Anyway, those are just my thoughts for now. Thanks for listening. ;) Would be interested to hear any feedback you have...

Have a super day!
Katie

Seth R. said...

Emma Smith is an interesting case. She is generally revered in the Modern LDS Church. But people forget that she actually "apostatized" if you want to call it that.

She never acknowledged Brigham Young's claim and Brigham and Emma never got along very well. Emma went on to help start the RLDS Church. A few nasty rumors were circulated about Emma among the Utah Mormons, which thankfully are not circulating anymore.

But it's an interesting question to ponder what, if anything, Emma lost in the eternal scheme of things.

Laura said...

Seth--for a few years I spent a fair amount of time thinking about Emma Smith and what it all meant. For awhile I figured (because everyone is like me!) she must have gone through some depressive episode that caused her to leave the Church. Given all the things that happened to her, it's possible. But I also eventually decided that it is unfair to speculate about her and her choices. Her faith is between her and God and, again, given what she lived through, I try to avoid jumping to conclusions. Sometimes life is messy and people are unexplainable. In my mind she falls in that category and because I respect her as a person--and not just as a LDS--I avoid speculating about her.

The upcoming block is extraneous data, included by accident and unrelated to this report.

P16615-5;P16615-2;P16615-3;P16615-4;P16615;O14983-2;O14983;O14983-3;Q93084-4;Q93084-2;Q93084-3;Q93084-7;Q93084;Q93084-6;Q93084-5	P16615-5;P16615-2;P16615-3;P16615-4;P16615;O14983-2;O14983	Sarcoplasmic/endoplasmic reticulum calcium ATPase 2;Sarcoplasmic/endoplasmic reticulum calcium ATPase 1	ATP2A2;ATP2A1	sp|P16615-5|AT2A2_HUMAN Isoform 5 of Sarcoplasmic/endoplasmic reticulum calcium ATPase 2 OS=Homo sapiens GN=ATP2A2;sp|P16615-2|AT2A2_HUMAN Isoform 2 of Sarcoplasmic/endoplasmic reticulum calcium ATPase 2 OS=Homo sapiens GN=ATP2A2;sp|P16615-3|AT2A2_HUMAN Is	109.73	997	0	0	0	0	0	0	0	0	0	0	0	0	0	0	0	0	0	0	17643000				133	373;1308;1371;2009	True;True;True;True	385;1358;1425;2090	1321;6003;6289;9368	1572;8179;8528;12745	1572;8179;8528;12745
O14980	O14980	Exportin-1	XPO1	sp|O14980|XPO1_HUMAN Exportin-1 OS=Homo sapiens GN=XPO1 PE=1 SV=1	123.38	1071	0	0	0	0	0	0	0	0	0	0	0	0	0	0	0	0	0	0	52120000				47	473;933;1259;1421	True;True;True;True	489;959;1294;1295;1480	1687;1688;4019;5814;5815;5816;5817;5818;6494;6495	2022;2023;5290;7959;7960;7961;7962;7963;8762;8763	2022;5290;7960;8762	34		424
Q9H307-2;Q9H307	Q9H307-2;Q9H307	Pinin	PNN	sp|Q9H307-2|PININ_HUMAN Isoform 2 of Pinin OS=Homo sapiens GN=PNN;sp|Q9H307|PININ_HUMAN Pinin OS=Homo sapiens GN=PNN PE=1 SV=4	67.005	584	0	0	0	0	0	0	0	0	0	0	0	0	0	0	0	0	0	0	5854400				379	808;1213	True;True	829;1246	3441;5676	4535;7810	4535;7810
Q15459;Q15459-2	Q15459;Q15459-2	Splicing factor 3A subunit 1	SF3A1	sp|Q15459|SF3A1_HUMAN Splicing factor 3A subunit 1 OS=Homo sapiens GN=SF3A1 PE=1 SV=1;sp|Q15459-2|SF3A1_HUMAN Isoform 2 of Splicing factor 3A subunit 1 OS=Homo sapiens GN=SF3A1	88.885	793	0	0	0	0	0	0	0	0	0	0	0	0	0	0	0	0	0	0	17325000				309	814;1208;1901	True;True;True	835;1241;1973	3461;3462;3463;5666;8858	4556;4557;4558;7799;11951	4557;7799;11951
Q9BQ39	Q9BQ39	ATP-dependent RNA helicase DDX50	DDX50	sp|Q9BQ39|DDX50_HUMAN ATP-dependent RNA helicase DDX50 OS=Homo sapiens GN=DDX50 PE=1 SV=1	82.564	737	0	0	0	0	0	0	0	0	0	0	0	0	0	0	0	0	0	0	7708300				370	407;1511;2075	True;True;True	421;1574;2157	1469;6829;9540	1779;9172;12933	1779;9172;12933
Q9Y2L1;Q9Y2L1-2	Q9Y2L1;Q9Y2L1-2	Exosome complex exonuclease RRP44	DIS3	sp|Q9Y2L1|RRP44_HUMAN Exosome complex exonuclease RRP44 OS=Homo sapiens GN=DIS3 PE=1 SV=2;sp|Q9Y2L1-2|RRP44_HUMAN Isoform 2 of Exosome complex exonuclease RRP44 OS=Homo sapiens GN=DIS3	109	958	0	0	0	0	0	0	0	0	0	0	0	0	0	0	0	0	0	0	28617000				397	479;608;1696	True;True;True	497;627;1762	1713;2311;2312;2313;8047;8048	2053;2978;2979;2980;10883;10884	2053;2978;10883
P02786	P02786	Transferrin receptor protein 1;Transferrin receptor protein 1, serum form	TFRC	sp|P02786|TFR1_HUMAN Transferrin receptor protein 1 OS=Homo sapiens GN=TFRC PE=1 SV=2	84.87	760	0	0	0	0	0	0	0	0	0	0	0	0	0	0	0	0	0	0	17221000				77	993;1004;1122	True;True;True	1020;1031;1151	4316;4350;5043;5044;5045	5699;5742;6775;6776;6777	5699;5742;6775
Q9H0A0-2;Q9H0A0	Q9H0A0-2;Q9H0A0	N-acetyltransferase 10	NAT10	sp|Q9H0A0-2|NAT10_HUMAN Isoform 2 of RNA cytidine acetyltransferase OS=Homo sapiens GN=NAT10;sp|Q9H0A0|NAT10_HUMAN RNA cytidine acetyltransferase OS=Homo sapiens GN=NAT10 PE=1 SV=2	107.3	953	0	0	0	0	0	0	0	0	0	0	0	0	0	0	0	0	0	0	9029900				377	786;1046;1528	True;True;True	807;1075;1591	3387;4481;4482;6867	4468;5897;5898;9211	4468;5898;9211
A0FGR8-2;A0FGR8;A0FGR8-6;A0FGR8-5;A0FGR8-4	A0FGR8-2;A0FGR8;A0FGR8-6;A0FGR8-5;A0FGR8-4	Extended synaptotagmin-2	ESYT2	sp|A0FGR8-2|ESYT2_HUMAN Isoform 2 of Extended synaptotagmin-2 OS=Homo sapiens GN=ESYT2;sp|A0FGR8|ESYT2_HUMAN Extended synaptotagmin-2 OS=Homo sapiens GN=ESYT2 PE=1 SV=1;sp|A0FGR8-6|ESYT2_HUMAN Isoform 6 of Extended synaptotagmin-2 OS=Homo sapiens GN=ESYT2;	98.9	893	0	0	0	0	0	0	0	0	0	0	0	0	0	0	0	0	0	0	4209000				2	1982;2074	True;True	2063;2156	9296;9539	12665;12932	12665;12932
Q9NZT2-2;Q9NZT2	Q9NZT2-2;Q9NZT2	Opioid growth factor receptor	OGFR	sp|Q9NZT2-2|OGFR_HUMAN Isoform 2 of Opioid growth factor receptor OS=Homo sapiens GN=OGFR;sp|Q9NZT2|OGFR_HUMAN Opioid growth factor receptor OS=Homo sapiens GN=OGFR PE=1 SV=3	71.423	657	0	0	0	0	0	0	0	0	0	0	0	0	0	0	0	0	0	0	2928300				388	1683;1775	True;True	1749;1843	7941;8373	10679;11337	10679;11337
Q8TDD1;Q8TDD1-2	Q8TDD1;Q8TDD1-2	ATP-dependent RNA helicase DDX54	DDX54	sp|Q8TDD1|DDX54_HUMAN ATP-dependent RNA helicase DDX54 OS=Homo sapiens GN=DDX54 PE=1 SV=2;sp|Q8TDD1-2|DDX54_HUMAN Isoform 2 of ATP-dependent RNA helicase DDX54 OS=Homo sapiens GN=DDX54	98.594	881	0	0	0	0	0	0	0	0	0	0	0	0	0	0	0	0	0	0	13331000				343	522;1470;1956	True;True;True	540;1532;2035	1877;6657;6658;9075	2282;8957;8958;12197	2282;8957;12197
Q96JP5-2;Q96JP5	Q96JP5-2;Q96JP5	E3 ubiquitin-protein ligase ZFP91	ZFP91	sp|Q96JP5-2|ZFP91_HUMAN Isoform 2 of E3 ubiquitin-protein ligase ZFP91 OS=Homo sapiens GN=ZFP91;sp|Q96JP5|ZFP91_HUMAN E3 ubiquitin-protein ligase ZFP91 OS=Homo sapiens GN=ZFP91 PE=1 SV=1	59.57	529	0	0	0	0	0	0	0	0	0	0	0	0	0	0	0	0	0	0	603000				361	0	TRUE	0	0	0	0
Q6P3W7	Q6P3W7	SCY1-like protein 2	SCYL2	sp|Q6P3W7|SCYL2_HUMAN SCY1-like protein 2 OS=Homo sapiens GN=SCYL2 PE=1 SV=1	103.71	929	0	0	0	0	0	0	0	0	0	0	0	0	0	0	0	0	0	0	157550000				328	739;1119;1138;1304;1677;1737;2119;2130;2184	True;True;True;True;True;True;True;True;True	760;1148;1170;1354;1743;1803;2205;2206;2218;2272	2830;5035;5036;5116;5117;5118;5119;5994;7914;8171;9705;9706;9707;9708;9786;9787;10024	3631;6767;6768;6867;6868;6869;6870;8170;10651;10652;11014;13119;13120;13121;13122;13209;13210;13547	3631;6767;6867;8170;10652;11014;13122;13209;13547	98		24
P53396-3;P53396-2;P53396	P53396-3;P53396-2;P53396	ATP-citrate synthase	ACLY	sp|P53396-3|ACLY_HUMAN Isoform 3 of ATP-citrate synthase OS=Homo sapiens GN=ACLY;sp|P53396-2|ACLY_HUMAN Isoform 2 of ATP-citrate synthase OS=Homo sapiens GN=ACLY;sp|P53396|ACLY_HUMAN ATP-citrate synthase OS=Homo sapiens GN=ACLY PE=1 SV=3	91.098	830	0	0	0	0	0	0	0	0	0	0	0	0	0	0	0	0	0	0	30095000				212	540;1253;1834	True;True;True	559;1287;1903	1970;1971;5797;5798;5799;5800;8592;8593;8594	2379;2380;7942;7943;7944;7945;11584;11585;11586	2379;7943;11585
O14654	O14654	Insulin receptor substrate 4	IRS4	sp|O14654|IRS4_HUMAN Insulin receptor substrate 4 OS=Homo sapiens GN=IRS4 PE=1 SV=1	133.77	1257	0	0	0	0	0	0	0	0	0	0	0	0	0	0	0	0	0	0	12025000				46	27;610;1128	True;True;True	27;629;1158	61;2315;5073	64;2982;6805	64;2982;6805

Katie Ackerman Langston said...

In my mind she falls in that category and because I respect her as a person--and not just as a LDS--I avoid speculating about her.

Thanks, Laura.